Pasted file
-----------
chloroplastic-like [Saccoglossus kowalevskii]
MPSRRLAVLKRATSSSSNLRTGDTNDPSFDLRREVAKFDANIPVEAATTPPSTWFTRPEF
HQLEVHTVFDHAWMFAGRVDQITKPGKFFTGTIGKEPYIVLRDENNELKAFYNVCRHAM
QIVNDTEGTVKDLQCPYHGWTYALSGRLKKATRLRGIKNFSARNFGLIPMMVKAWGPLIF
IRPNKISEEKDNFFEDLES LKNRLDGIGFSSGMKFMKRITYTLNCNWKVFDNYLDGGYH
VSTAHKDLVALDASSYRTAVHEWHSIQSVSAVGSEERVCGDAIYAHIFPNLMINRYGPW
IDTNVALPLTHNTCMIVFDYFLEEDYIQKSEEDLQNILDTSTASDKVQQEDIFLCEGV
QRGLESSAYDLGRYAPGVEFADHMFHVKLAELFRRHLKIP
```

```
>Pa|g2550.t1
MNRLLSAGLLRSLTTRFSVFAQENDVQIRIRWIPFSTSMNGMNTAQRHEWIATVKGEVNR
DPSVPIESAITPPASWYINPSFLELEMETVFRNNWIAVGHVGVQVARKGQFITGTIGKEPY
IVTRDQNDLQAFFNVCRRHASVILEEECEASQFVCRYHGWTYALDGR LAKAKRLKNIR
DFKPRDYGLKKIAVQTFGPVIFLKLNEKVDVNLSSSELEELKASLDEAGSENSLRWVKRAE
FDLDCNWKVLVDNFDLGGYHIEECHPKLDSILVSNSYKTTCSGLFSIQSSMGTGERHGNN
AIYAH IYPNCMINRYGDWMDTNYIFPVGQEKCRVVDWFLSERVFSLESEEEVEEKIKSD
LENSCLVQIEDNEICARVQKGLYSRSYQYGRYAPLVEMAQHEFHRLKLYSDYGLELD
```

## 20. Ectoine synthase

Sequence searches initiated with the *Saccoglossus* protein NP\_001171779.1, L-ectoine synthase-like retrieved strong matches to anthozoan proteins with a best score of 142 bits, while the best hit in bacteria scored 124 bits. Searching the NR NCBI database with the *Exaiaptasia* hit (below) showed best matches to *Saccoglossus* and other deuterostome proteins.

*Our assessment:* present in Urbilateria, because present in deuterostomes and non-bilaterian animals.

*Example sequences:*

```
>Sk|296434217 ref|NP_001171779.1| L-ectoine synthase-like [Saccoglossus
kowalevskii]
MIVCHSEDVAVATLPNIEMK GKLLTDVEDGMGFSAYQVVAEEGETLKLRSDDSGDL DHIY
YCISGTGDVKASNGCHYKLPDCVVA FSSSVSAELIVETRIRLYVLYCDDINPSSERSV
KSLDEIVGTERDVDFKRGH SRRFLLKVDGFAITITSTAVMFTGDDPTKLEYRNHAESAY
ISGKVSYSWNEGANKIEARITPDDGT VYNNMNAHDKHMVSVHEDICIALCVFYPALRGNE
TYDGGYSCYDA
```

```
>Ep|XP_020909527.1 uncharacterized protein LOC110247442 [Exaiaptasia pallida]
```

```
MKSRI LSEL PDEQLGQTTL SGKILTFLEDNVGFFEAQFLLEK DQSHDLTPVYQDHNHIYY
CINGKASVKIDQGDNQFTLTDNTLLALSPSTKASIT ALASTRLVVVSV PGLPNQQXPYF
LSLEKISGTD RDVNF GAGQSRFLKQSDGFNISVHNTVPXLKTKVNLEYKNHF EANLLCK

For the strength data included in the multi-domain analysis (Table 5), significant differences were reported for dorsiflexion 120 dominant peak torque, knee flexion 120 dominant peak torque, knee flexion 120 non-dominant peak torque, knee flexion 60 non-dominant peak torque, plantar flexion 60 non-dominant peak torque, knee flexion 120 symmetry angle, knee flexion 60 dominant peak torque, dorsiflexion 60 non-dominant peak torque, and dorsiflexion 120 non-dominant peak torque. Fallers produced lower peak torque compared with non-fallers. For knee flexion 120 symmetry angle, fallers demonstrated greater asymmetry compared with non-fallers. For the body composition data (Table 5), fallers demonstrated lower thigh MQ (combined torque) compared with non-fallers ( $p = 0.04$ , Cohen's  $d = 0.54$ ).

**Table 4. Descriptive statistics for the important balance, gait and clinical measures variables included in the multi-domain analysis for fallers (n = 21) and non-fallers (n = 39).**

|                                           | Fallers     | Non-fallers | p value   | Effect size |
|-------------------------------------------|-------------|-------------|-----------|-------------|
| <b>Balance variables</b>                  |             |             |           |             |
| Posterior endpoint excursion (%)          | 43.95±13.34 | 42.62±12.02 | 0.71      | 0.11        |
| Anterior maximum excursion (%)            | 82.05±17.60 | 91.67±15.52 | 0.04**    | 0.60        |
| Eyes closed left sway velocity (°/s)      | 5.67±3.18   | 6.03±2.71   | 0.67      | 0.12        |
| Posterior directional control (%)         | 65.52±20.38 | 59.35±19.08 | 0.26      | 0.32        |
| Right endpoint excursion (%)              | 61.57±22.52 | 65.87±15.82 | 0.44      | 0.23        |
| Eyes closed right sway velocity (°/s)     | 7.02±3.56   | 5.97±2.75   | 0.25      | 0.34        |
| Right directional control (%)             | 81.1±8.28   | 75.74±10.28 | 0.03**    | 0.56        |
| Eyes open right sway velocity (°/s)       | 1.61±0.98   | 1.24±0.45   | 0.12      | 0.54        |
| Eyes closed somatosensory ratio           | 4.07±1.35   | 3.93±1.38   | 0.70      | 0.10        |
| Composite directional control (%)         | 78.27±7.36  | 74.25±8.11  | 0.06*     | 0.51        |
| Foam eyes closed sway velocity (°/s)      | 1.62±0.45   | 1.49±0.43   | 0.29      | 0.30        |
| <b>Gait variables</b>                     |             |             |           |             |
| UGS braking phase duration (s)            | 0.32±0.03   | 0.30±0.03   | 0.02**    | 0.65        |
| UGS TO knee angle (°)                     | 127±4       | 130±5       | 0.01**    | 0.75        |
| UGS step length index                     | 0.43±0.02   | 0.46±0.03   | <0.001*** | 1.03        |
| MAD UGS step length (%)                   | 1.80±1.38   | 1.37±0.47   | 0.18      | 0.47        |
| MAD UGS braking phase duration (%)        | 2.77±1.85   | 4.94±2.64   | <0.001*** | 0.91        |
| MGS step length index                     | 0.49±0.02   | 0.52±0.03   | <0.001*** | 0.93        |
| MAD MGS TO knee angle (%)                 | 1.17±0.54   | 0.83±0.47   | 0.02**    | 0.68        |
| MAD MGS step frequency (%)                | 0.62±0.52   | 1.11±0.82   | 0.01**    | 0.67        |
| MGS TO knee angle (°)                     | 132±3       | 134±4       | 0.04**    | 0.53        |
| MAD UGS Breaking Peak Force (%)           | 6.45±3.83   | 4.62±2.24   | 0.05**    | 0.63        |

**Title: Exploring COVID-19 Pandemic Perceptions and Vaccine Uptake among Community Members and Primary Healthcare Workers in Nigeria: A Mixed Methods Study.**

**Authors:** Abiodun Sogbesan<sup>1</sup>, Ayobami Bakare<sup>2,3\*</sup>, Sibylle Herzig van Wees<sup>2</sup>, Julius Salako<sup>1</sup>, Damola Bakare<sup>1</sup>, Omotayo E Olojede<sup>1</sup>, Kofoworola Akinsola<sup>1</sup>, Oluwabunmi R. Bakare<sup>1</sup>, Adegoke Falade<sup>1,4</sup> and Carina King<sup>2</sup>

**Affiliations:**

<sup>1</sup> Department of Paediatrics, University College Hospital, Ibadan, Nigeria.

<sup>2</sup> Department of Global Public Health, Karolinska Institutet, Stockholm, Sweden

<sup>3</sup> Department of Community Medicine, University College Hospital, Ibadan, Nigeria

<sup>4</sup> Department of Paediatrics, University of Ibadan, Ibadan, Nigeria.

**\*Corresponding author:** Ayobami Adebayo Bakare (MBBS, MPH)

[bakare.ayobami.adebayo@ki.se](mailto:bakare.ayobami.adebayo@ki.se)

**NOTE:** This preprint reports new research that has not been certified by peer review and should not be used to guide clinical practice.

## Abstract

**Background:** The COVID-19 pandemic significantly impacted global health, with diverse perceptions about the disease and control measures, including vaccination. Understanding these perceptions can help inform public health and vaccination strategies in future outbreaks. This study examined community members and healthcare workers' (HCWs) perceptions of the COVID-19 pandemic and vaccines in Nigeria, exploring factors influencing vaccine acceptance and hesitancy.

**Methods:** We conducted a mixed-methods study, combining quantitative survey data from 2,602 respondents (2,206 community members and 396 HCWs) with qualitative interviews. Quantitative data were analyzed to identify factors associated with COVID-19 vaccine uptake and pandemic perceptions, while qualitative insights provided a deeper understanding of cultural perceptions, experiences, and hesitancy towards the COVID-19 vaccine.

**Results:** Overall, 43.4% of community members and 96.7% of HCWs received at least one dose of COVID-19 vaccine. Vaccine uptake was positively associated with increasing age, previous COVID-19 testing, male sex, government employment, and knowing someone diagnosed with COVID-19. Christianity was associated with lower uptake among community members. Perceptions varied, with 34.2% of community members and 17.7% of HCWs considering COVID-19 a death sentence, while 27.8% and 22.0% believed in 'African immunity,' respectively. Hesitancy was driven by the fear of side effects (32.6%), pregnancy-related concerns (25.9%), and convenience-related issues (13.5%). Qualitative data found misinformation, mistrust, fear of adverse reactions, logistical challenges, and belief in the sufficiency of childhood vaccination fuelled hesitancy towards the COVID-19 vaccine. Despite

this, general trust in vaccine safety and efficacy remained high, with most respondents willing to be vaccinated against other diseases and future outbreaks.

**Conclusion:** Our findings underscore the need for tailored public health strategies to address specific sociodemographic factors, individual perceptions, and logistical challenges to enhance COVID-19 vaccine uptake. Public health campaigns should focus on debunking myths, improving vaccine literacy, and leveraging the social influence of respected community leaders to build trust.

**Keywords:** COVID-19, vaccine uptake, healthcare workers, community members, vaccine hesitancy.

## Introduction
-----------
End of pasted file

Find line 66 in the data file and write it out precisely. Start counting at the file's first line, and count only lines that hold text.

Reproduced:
| MAD UGS Breaking Peak Force (%)           | 6.45±3.83   | 4.62±2.24   | 0.05**    | 0.63        |